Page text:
# Creating Heatmap From Scratch in Python

Heatmap is frequently used to visualize event occurrence or density. There are some Python libraries or GIS software/tool that can be used to create a heatmap like QGIS, ArcGIS, Google Table Fusion, etc. Unfortunately, this post won't discussed how to create a heatmap using those software/tool, but more than that, we will write our own code to create a heatmap in Python 3 from scratch using Python common library.
The algorithm which will be used to create a heatmap in Python is Kernel Density Estimation (KDE). Please refer to this post (QGIS Heatmap Using KDE Explained) to get more explanation about KDE and another post (Heatmap Calculation Tutorial) which give an example how to calculate intensity for a point from a reference point using KDE.

#### Importing Library

Actually, there are some libraries in Python that can be used to create heatmap like Scikit-learn or Seaborn. But we will use just some libraries such as matplotlib, numpy and math. So we are starting with importing those three libraries.

```import matplotlib.pyplot as plt
import numpy as np
import math
```

#### Heatmap Dataset

To create a heatmap, we need a point dataset that consist of x,y coordinates. Here we create two list for x and y. The plot of dataset can be seen in figure 1.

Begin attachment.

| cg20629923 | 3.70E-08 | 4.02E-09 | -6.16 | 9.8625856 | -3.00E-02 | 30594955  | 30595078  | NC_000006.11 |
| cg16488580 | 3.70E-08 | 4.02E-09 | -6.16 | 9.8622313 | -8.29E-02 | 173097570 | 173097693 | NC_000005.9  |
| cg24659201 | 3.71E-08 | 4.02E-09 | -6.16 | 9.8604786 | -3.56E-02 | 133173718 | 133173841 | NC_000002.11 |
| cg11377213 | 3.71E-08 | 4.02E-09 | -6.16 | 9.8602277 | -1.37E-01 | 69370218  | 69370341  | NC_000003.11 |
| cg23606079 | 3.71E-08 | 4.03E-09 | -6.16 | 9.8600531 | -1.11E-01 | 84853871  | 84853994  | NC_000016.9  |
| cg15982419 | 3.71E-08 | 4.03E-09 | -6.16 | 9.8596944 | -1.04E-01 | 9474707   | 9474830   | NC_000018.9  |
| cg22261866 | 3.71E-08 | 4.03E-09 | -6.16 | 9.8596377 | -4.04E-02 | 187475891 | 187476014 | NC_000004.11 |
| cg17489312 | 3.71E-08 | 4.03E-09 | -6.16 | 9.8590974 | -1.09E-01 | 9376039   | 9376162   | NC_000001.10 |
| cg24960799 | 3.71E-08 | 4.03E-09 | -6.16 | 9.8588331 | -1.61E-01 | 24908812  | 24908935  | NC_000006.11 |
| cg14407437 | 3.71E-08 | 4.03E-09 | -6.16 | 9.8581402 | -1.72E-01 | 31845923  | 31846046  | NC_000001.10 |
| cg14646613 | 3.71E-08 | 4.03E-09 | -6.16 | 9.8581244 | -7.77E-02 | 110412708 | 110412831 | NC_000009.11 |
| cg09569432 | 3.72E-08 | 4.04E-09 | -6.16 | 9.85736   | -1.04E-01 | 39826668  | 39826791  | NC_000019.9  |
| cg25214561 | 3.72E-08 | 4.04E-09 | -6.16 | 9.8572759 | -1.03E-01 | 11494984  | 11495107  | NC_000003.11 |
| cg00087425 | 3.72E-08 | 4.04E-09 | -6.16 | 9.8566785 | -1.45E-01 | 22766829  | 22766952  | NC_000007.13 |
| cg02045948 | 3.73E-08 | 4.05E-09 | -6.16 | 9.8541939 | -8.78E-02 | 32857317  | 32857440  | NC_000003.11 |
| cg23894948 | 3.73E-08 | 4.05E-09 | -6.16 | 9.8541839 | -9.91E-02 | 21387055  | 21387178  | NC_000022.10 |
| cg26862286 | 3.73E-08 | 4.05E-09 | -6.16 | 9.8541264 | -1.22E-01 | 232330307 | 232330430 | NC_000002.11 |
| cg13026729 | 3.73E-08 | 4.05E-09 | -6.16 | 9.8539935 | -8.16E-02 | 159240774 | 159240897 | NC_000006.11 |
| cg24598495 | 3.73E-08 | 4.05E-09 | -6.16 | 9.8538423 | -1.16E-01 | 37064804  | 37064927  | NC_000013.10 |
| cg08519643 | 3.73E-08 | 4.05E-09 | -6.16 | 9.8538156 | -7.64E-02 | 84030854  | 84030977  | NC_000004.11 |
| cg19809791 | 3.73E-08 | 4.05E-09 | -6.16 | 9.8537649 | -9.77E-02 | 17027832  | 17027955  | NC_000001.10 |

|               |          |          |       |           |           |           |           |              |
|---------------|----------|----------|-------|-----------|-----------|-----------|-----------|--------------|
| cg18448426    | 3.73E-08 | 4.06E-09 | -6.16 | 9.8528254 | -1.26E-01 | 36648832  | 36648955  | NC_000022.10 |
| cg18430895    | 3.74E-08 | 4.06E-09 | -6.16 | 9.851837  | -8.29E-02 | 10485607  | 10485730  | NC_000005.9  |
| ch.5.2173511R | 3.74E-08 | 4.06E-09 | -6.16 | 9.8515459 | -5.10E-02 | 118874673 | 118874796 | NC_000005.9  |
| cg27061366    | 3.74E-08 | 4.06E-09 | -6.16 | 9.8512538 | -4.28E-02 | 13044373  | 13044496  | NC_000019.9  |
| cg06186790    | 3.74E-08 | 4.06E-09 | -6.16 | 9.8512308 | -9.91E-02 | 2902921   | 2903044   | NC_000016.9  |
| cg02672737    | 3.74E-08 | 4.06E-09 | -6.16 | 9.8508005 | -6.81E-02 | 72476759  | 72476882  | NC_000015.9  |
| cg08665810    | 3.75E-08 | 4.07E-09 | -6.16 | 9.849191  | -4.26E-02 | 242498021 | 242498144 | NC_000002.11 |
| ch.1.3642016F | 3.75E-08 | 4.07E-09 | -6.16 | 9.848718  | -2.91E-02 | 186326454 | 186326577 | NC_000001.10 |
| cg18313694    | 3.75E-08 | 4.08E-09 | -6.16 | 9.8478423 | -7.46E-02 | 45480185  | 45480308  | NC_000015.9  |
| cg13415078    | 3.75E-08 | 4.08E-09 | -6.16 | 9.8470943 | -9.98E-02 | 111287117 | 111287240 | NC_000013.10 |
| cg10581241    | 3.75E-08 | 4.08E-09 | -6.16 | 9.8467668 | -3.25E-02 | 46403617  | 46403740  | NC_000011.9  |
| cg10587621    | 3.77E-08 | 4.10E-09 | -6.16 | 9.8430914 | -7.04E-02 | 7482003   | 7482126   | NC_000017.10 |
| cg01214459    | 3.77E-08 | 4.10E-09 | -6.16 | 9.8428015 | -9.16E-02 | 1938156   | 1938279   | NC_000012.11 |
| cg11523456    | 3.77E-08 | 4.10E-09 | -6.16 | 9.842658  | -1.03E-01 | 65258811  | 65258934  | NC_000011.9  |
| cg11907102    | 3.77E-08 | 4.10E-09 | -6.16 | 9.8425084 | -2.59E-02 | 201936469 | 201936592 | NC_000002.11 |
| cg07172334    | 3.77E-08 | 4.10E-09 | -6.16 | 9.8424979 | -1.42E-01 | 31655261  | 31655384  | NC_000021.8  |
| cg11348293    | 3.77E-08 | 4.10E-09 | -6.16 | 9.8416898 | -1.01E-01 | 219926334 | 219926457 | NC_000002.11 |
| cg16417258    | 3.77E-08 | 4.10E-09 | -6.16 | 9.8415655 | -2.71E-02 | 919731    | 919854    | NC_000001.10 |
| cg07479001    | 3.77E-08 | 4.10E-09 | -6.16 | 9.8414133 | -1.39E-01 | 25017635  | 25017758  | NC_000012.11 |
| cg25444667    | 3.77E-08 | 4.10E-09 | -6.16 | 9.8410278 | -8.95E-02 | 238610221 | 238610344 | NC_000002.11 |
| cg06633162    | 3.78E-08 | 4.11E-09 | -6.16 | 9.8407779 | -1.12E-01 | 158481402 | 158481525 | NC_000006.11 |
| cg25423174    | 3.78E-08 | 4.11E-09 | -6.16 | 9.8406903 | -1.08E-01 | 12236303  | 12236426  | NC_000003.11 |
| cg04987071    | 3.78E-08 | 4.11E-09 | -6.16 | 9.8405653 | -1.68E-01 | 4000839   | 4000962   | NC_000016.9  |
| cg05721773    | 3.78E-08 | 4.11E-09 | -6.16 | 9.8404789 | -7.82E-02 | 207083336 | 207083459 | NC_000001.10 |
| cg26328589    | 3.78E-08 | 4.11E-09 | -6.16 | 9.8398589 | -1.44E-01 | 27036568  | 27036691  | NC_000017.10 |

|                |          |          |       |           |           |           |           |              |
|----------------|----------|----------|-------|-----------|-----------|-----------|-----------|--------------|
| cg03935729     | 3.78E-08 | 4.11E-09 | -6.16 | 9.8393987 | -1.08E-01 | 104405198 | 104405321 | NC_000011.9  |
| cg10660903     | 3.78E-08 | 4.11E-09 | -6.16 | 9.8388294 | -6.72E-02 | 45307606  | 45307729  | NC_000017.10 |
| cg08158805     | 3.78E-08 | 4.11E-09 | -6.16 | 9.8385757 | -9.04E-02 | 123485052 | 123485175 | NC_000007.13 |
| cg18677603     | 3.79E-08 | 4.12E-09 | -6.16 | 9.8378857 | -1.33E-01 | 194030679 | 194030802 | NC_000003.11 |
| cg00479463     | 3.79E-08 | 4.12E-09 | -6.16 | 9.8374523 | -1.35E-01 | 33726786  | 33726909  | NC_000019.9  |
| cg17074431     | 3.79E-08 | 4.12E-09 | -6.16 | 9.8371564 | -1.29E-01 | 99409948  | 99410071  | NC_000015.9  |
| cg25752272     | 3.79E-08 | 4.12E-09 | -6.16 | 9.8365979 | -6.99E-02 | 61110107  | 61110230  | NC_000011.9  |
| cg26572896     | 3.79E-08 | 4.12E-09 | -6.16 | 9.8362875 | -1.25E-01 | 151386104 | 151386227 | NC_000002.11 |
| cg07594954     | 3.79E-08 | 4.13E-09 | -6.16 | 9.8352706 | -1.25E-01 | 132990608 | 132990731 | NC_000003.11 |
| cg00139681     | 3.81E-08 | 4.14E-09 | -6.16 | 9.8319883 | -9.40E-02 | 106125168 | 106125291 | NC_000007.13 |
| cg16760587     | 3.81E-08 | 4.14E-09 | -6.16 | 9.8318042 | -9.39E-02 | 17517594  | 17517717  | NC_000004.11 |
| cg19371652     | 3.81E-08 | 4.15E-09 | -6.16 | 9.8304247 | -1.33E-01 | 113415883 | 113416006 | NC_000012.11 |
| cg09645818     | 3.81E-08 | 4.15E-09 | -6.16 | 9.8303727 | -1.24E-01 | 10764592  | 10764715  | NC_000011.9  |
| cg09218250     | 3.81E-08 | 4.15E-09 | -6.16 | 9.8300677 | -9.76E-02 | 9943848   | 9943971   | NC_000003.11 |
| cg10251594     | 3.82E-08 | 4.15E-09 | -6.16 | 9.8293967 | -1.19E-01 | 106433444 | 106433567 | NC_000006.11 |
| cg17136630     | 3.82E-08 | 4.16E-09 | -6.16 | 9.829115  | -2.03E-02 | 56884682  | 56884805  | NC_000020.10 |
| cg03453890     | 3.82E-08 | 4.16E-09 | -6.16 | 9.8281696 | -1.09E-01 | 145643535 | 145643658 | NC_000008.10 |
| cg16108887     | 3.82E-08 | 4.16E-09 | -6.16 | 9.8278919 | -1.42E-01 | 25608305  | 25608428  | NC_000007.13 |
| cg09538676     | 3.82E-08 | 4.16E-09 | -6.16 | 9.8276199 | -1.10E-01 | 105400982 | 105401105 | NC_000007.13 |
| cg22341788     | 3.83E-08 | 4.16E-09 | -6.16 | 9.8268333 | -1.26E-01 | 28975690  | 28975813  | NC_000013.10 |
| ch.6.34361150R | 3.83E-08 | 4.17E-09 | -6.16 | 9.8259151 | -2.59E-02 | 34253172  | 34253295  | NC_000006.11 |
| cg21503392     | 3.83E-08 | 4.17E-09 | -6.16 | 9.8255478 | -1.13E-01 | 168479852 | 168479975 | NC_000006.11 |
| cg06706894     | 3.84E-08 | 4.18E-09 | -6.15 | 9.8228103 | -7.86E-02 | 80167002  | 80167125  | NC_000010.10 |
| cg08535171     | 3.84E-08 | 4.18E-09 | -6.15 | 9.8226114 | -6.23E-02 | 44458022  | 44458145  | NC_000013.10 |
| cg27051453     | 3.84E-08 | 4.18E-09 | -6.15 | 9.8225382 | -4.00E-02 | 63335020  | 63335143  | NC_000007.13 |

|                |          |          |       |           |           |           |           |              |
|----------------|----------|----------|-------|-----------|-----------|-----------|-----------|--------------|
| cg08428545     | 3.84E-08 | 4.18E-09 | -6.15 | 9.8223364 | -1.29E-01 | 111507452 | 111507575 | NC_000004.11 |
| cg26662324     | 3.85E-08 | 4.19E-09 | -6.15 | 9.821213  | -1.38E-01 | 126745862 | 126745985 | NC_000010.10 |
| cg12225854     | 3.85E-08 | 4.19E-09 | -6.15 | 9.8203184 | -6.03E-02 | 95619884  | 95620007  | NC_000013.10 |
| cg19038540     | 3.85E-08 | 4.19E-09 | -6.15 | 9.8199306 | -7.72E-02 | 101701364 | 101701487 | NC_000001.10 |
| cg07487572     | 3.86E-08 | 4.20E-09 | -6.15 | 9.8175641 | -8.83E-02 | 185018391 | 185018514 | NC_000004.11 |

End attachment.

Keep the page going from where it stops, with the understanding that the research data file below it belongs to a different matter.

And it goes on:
```#POINT DATASET
x=[20,28,15,20,18,25,15,18,18,20,25,30,25,22,30,22,38,40,38,30,22,20,35,33]
y=[20,14,15,20,15,20,32,33,45,50,20,20,20,25,30,38,20,28,33,50,48,40,30,35]
```

 Figure 1. Point Dataset

In creating heatmap using KDE we need to specify the bandwidth or radius of the kernel shape and output grid size. For this case, I use radius 10 m and grid size 1 m. Later you can change these parameters to see how they affect the heatmap result.

```#DEFINE GRID SIZE AND RADIUS(h)
grid_size=1
h=10
```

#### Getting X,Y Min/Max to Construct Grid

To construct grid we use mesh grid. Therefore we need to find x,y minimum and maximum to generate a sequence number of x and y. These sequence numbers then will be used to construct mesh grid. To include all the dataset coverage with a little bit more space, I subtract x,y minimum with radius and add it up for x,y maximum.

```#GETTING X,Y MIN AND MAX
x_min=min(x)
x_max=max(x)
y_min=min(y)
y_max=max(y)

#CONSTRUCT GRID
x_grid=np.arange(x_min-h,x_max+h,grid_size)
y_grid=np.arange(y_min-h,y_max+h,grid_size)
x_mesh,y_mesh=np.meshgrid(x_grid,y_grid)
```

#### Calculate Grid Center Point

After constructing mesh grid. Next we calculate the center point for each grid. This can be done with adding x mesh and y mesh coordinate with half of grid size. The center point will be used later to calculate the distance of each grid to dataset points.

```#GRID CENTER POINT
xc=x_mesh+(grid_size/2)
yc=y_mesh+(grid_size/2)
```

#### Kernel  Density Estimation Function

To calculate a point density or intensity we use a function called kde_quartic. We are using Quartic kernel shape, that's why it has "quartic" term in the function name. This function has two arguments: point distance(d) and kernel radius (h).

```#FUNCTION TO CALCULATE INTENSITY WITH QUARTIC KERNEL
def kde_quartic(d,h):
dn=d/h
P=(15/16)*(1-dn**2)**2
return P
```